As the popularity of spas has skyrocketed at financial and insurance meetings, planners have started to carefully manage the process of site selection, booking, andnegotiations. “If we're going to a big spa destination, such as the Grand Wailea [Resort Hotel and Spa on Maui], we grab our blocks early,” says Marla Hannigan, senior meeting planner for Mutual of Omaha in Omaha, Neb. “It's the same kind of rule that applies to golf.”
How early? Typically, Nikki Cloutier, senior planner with Allianz Life Insurance Co., Minneapolis, sets up her spa blocks nine to 12 months prior to an incentive program “to ensure I get preferred rates, times, and treatments.”
Visiting the spa has become an essential part of the site inspection for many planners. Hannigan, for example, looks at the size of the spa, the number of treatment rooms available, and its willingness to work with groups.
Melissa Cohill, event coordinator for Fusion Financial Group of Austin, Texas, notes that “because spas have become such an integral part of meetings, it is very important to know about the type of facility, the cleanliness, the spa rating, the technicians, and the type of products [used for treatments].” She also advises that planners make sure there is a contract addendum that includes the details of the spa block.
When it comes to rates, Cloutier says she negotiates with either her hotel or spa sales contact: If the spa is independently owned, she'll deal directly with a spa representative. Says Cloutier, “I've had success in negotiating 5 to 10 percent off the published rates.”
The spa-building craze that began several years ago shows no signs of abating. “A new hotel or resort, or the renovation of an existing one will, without question, include the construction or expansion of spa facilities,” says Diane Freeland, vice president of corporate sales for Spafinder, a New York — based spa travel and marketing company. Spafinder predicts several trends that could impact incentive programs and meetings. The high end of the spa market, for example, is expected to become even more luxurious, with new services like four-hour massages and three-therapist treatments. Look for increasing numbers of resort spas to offer ever-more-exotic body treatments and specialty regional massage therapies, such as Thai, Shiatsu, and Ayurveda.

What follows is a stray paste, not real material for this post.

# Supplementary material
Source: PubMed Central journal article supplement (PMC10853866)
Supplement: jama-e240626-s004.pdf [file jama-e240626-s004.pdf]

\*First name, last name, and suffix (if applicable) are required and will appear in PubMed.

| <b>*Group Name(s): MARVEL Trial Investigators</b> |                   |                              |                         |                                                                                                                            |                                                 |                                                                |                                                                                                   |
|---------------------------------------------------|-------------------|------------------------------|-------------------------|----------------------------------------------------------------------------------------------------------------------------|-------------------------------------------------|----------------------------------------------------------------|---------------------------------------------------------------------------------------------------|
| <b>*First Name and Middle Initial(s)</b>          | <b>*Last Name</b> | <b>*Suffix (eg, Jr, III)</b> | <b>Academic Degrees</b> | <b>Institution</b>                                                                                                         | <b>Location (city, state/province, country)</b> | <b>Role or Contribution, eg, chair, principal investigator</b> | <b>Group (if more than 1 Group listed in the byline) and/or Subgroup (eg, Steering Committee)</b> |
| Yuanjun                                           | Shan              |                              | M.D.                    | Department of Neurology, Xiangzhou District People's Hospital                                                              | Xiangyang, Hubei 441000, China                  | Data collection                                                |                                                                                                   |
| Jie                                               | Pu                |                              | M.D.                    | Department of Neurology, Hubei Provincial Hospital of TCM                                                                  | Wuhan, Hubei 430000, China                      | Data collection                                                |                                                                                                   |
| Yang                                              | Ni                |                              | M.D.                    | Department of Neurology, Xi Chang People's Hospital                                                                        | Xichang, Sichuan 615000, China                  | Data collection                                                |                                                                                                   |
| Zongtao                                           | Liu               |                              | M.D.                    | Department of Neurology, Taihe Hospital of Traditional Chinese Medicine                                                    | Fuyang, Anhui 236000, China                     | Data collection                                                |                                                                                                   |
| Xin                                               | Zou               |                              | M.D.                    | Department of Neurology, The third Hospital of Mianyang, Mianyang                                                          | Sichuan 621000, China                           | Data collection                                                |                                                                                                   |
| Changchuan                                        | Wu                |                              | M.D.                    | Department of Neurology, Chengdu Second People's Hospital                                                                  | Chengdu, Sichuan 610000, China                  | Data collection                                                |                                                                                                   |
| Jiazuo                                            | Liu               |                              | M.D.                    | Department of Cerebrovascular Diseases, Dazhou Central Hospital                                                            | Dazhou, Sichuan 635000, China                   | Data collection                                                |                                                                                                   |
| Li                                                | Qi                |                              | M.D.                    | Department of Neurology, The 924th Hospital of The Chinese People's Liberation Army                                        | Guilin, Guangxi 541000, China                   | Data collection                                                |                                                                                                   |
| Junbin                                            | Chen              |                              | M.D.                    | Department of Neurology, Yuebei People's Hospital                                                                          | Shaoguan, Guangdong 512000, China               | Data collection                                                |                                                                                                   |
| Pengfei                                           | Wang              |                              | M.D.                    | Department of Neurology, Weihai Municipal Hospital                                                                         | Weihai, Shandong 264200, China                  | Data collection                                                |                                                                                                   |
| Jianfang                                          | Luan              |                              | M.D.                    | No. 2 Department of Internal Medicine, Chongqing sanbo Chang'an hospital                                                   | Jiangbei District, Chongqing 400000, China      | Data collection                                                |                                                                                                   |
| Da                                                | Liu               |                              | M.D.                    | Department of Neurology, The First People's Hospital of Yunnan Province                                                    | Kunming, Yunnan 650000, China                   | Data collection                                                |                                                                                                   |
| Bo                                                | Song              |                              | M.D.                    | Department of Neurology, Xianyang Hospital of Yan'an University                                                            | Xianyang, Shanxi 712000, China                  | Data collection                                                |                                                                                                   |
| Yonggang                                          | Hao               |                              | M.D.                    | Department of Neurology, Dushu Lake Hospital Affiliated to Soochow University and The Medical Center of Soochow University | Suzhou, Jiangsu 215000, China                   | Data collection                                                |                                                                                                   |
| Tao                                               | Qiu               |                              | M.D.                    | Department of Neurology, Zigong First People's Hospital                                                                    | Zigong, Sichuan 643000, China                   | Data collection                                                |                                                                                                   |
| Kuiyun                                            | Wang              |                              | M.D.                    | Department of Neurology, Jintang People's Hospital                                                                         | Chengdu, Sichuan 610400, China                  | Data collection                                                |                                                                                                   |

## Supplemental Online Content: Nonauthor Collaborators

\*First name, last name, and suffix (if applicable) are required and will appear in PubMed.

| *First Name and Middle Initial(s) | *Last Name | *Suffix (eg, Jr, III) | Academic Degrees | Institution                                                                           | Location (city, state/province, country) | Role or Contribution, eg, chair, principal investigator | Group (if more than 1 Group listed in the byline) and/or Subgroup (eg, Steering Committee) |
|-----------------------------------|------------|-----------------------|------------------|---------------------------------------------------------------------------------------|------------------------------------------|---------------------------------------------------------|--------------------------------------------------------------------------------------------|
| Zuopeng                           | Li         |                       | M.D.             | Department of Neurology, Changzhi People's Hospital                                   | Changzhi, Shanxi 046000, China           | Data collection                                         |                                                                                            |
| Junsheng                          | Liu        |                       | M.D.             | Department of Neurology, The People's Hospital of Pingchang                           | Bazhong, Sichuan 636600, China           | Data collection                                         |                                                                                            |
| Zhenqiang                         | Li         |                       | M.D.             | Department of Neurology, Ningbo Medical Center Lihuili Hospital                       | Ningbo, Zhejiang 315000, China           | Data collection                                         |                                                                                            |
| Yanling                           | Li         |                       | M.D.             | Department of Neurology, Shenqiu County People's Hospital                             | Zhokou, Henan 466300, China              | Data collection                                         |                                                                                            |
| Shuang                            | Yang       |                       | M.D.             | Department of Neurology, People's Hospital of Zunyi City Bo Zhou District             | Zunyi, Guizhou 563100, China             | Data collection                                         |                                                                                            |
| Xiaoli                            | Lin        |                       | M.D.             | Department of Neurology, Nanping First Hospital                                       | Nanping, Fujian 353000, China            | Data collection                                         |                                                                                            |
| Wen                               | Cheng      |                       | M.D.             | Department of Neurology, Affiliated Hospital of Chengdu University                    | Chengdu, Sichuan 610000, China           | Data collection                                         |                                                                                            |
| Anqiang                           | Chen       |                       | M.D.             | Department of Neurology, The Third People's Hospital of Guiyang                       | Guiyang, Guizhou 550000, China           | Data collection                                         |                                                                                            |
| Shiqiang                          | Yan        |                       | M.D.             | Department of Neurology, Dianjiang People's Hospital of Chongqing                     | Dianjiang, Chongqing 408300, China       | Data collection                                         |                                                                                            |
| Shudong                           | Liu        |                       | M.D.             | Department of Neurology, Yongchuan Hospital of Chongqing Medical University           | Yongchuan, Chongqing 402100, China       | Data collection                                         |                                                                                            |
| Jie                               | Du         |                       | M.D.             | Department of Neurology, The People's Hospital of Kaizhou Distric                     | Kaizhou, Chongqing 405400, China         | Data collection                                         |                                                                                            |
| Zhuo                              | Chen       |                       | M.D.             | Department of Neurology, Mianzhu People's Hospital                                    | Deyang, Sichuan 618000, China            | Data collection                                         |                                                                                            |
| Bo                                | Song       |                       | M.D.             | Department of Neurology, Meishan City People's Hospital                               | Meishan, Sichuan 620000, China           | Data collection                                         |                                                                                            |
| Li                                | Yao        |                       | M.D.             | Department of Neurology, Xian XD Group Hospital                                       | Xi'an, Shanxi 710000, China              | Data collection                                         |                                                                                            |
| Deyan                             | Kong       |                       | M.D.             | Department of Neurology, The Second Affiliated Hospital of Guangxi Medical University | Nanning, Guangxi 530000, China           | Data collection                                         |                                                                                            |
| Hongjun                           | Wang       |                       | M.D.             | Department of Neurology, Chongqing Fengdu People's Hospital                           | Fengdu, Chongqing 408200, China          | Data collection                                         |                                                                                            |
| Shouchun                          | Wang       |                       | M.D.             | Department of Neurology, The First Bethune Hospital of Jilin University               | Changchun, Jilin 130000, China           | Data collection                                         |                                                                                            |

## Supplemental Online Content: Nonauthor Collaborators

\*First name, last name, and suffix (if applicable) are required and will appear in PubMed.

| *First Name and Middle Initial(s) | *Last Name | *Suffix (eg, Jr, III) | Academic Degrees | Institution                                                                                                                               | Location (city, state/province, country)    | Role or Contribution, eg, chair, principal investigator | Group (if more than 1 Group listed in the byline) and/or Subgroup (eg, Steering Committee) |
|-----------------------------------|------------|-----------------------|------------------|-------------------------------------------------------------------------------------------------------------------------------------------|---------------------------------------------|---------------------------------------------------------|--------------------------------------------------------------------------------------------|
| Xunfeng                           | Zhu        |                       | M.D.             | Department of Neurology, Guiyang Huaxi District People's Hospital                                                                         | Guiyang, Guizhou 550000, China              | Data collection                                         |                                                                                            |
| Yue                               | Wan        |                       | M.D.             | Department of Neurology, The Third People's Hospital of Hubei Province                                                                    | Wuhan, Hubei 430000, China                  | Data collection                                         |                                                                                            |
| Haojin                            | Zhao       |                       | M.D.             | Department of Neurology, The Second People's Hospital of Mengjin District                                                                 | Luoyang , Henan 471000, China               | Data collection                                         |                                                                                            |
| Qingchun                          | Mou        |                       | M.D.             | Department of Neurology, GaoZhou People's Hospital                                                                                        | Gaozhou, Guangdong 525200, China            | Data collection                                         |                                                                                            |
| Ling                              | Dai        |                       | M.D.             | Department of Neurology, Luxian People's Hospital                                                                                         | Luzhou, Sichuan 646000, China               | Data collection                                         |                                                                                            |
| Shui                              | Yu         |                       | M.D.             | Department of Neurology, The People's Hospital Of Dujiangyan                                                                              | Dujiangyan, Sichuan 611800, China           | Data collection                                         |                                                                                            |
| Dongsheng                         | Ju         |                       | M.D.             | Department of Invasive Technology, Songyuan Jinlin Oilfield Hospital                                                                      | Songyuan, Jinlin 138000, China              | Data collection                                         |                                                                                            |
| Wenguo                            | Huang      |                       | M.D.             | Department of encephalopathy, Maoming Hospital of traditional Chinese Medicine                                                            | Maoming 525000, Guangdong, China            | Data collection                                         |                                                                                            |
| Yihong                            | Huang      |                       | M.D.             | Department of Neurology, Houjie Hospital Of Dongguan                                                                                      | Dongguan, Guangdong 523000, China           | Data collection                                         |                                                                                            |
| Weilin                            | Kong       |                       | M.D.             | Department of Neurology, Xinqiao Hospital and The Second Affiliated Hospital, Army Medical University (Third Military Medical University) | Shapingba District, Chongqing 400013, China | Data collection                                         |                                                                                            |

Freeland points to the increasing availability of mobile spas — complete with therapists, massage tables, and pedicure carts — that give planners the option of bringing spa services directly to the meeting. She also observes a trend that planners have already discovered — men enjoy the spa.
“Spas have become non-gender-specific,” Cohill says. “Men are enjoying massages and facials, as well as sauna and steam room options.” She says that if spa services are available to meeting attendees, they'll find a way to fit them into their schedules without having to compromise on other kinds of activities like golf.
What Do Spa Guests Want?
A survey of 1,000 frequent travelers by Small Luxury Hotels of the World, released in April, suggests that spa treatments have become a major focus of guests at top tier hotels. Thirty-six percent of the respondents said they spend more on spa therapies than they do on fine dining, and typically book up to three spa treatments during a weeklong hotel stay.
The most commonly booked spa services of the travelers surveyed are, in order, aromatherapy massages, facials, local “signature” therapies, manicures, “creative” treatments, Ayurvedic massages, reflexology, body wraps, and hydrotherapy programs.
Survey respondents also were asked what they disliked about spa experiences. Their replies included:
Having to be naked for treatments
Hard-sell tactics to buy spa products
Any sign of uncleanliness or lack of hygiene
Being rushed out of a spa room once a treatment is completed
Having to make small talk with over-familiar staff